What do you like/dislike about the stock photo industry?

There is so much I like about shooting stock. If I had to sum it up into one word—FREEDOM. I love being able to wake up each morning at whatever time I want to create whatever I want, on my own schedule and in my own terms. I don’t need to spend time or money marketing to potential clients, negotiating deals or typing up license agreements. The stock agencies handle all of this back-end work.

However, that doesn’t mean that I can slack off. The stock industry is very competitive, and it takes a great deal of effort to be successful in it. It took more than five years of working at it part-time before I could even consider taking a full-time stab at it. I worked for more than 20 years at a mortgage company and just left there about six months ago to work on my stock photography full time. Those who are considering a future in the stock industry must keep the future in mind, because it may seem like an eternity before you feel that you are getting a good return on your effort. But if you stick with it and work hard, it could potentially provide you with a nice residual income that can help to fund an early retirement.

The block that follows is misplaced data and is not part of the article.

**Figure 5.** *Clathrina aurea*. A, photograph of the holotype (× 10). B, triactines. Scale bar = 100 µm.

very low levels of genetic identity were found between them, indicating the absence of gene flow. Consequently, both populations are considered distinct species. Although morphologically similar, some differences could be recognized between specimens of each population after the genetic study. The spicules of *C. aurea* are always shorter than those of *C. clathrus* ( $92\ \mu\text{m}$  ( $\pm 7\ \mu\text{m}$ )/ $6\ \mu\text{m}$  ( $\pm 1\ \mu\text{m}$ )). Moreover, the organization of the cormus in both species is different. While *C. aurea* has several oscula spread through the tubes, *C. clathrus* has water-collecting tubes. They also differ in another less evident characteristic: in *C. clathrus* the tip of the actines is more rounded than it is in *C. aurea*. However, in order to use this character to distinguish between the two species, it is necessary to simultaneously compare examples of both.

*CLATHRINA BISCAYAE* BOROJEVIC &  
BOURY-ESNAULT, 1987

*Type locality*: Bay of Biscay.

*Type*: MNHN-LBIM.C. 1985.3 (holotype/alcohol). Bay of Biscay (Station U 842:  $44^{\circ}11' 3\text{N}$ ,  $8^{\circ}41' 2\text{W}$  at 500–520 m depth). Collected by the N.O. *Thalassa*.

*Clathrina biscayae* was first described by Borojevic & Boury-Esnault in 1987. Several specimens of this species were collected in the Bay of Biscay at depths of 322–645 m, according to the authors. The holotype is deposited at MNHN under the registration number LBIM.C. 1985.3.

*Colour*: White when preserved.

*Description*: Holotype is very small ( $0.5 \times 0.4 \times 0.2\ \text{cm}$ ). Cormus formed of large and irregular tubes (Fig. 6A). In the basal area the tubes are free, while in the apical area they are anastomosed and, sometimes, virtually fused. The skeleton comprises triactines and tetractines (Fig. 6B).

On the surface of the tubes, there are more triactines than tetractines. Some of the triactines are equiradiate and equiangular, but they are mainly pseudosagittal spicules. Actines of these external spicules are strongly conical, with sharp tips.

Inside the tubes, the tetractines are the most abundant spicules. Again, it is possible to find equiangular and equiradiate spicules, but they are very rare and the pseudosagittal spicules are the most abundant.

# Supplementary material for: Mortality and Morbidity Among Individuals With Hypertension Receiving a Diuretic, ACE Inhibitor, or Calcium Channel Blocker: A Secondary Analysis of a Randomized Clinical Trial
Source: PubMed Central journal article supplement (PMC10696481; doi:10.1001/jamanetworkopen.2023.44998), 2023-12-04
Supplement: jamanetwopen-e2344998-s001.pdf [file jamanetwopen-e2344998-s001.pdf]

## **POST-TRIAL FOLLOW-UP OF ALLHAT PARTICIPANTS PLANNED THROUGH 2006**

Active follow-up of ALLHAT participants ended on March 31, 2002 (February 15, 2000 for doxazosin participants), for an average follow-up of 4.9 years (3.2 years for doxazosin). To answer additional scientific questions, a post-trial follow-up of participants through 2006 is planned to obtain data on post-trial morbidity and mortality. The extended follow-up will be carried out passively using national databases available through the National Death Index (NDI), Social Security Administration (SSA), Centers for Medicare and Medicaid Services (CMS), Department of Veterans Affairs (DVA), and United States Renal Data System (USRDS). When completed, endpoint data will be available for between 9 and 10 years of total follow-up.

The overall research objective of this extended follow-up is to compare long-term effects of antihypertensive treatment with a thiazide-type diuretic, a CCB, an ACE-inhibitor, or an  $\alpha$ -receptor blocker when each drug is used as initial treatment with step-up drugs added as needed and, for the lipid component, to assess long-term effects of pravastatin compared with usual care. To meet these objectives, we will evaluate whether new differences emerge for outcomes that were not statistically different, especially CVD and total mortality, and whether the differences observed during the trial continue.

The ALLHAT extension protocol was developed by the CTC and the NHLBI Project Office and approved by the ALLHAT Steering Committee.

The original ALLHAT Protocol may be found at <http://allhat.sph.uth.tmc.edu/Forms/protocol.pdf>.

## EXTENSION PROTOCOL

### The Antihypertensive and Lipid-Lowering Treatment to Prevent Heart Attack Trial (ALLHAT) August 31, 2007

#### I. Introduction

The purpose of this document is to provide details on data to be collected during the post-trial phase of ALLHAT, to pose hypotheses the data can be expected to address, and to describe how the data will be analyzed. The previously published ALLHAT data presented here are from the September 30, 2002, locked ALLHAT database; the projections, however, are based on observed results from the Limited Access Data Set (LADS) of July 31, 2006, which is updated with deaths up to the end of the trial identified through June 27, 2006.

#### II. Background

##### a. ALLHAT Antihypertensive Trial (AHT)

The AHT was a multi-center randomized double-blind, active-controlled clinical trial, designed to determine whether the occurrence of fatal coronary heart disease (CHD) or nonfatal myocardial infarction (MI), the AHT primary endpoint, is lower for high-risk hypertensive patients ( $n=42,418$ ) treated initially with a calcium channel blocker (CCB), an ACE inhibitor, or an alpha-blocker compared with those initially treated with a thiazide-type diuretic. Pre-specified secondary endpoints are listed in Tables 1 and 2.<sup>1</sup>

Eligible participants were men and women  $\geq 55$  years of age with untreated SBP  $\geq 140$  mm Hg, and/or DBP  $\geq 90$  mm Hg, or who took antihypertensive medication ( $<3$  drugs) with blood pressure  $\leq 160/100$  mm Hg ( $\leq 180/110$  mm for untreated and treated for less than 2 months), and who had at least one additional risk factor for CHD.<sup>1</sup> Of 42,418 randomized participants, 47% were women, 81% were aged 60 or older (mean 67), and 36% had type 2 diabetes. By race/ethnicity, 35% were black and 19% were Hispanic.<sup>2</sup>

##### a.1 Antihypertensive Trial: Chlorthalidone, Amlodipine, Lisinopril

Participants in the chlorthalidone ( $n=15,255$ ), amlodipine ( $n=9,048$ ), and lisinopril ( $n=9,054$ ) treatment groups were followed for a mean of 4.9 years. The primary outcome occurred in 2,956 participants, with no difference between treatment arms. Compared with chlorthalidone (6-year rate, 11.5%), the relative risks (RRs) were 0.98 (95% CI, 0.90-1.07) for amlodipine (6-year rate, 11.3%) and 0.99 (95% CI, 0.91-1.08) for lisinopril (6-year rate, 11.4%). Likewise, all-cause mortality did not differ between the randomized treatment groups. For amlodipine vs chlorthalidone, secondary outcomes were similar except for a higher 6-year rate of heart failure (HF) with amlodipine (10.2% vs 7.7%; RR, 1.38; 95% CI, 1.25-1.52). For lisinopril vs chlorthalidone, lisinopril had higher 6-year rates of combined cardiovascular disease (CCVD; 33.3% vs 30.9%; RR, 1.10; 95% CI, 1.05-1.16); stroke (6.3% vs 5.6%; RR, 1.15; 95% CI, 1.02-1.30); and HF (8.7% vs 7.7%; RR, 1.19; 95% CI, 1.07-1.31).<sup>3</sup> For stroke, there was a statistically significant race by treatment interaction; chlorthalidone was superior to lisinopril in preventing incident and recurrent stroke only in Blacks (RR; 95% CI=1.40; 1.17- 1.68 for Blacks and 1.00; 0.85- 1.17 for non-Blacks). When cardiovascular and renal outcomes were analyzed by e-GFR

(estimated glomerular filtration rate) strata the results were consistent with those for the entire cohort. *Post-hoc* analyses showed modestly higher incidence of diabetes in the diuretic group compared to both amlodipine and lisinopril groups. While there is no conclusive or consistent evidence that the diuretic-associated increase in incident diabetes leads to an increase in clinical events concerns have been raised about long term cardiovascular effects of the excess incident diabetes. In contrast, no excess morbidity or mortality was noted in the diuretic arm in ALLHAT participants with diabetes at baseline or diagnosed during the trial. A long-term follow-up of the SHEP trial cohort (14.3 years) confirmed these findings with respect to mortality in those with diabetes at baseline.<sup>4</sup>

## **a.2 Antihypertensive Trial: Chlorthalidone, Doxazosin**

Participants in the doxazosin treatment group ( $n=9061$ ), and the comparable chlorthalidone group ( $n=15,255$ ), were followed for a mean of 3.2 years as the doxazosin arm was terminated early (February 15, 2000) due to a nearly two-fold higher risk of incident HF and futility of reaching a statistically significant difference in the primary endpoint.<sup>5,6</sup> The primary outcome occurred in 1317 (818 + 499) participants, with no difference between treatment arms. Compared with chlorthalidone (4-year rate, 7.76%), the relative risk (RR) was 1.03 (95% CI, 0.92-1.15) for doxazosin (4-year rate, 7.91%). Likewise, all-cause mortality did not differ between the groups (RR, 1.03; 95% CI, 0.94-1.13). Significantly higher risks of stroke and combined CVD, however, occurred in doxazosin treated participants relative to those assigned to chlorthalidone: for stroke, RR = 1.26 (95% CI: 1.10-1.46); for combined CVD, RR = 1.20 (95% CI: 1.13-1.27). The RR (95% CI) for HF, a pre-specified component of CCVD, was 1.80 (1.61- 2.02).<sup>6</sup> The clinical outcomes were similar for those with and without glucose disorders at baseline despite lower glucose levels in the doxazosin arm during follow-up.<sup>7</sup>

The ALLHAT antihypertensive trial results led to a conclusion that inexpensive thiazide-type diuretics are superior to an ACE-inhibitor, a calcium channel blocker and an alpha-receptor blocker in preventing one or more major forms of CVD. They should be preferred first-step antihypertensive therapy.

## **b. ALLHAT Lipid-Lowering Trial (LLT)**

What advice do you have for people wanting to pursue a career in stock?

If someone wants to make a full-time living from selling stock, they need to put a full-time effort into it. Don’t believe the hype you read on the web that you can make an easy living out of selling old photos that are sitting on your hard drive. You need to constantly produce new, fresh images, keep up with current trends and continually work on growing your skills. You must work hard to produce a large volume of high-quality, marketable, eye-catching images. Images that tell a story in a single glance sell the best. For example, capturing an animal in the middle of scratching an itch will sell well to veterinarians or flea product companies. It is also helpful to find a niche market that you enjoy photographing so you can focus your efforts on mastering that type of imagery. Specializing in a certain genre tells buyers that you are an expert in that area, which instills confidence that your images are going to be top quality. There are millions of stock images available for people to search from. It is important to find a way to set your images apart from the rest and to keep buyers coming back to your portfolio directly.

What has been your biggest win in this genre?

Stock photography has provided me with the opportunity to merge my passions for photography and philanthropy into a career that I love. peacock-quote